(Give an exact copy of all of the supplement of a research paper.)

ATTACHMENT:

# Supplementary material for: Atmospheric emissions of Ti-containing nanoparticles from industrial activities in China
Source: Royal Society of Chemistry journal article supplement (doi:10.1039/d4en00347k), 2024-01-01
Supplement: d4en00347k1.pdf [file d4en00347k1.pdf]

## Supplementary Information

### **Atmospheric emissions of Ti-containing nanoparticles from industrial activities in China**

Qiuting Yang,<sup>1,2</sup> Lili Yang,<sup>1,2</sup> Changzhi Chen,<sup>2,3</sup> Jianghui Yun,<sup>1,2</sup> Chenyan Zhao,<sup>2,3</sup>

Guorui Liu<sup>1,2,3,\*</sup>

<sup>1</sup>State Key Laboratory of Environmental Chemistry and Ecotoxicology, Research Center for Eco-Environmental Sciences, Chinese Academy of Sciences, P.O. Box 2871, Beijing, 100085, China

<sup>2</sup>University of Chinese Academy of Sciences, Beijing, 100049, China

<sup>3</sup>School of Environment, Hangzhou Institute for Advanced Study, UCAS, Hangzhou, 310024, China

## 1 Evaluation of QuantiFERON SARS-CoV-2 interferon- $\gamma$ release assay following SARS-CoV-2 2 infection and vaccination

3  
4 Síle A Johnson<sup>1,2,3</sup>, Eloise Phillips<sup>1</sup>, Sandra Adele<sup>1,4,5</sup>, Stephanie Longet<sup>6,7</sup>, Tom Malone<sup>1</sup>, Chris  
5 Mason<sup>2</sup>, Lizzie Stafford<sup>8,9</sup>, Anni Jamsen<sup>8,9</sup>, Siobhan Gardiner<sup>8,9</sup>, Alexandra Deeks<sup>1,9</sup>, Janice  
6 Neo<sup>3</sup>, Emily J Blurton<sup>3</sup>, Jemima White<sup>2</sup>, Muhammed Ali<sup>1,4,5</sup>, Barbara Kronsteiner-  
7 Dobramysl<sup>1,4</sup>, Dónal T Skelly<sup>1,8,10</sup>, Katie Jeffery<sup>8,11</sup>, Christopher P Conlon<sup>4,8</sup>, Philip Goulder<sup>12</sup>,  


# Supplementary material for: Atmospheric emissions of Ti-containing nanoparticles from industrial activities in China
Source: Royal Society of Chemistry journal article supplement (doi:10.1039/d4en00347k), 2024-01-01
Supplement: d4en00347k1.pdf [file d4en00347k1.pdf]

## Supplementary Information

### **Atmospheric emissions of Ti-containing nanoparticles from industrial activities in China**

Qiuting Yang,<sup>1,2</sup> Lili Yang,<sup>1,2</sup> Changzhi Chen,<sup>2,3</sup> Jianghui Yun,<sup>1,2</sup> Chenyan Zhao,<sup>2,3</sup>

Guorui Liu<sup>1,2,3,\*</sup>

<sup>1</sup>State Key Laboratory of Environmental Chemistry and Ecotoxicology, Research Center for Eco-Environmental Sciences, Chinese Academy of Sciences, P.O. Box 2871, Beijing, 100085, China

<sup>2</sup>University of Chinese Academy of Sciences, Beijing, 100049, China

<sup>3</sup>School of Environment, Hangzhou Institute for Advanced Study, UCAS, Hangzhou, 310024, China

## 1 Evaluation of QuantiFERON SARS-CoV-2 interferon- $\gamma$ release assay following SARS-CoV-2 2 infection and vaccination

3  
4 Síle A Johnson<sup>1,2,3</sup>, Eloise Phillips<sup>1</sup>, Sandra Adele<sup>1,4,5</sup>, Stephanie Longet<sup>6,7</sup>, Tom Malone<sup>1</sup>, Chris  
5 Mason<sup>2</sup>, Lizzie Stafford<sup>8,9</sup>, Anni Jamsen<sup>8,9</sup>, Siobhan Gardiner<sup>8,9</sup>, Alexandra Deeks<sup>1,9</sup>, Janice  
6 Neo<sup>3</sup>, Emily J Blurton<sup>3</sup>, Jemima White<sup>2</sup>, Muhammed Ali<sup>1,4,5</sup>, Barbara Kronsteiner-  
7 Dobramysl<sup>1,4</sup>, Dónal T Skelly<sup>1,8,10</sup>, Katie Jeffery<sup>8,11</sup>, Christopher P Conlon<sup>4,8</sup>, Philip Goulder<sup>12</sup>,  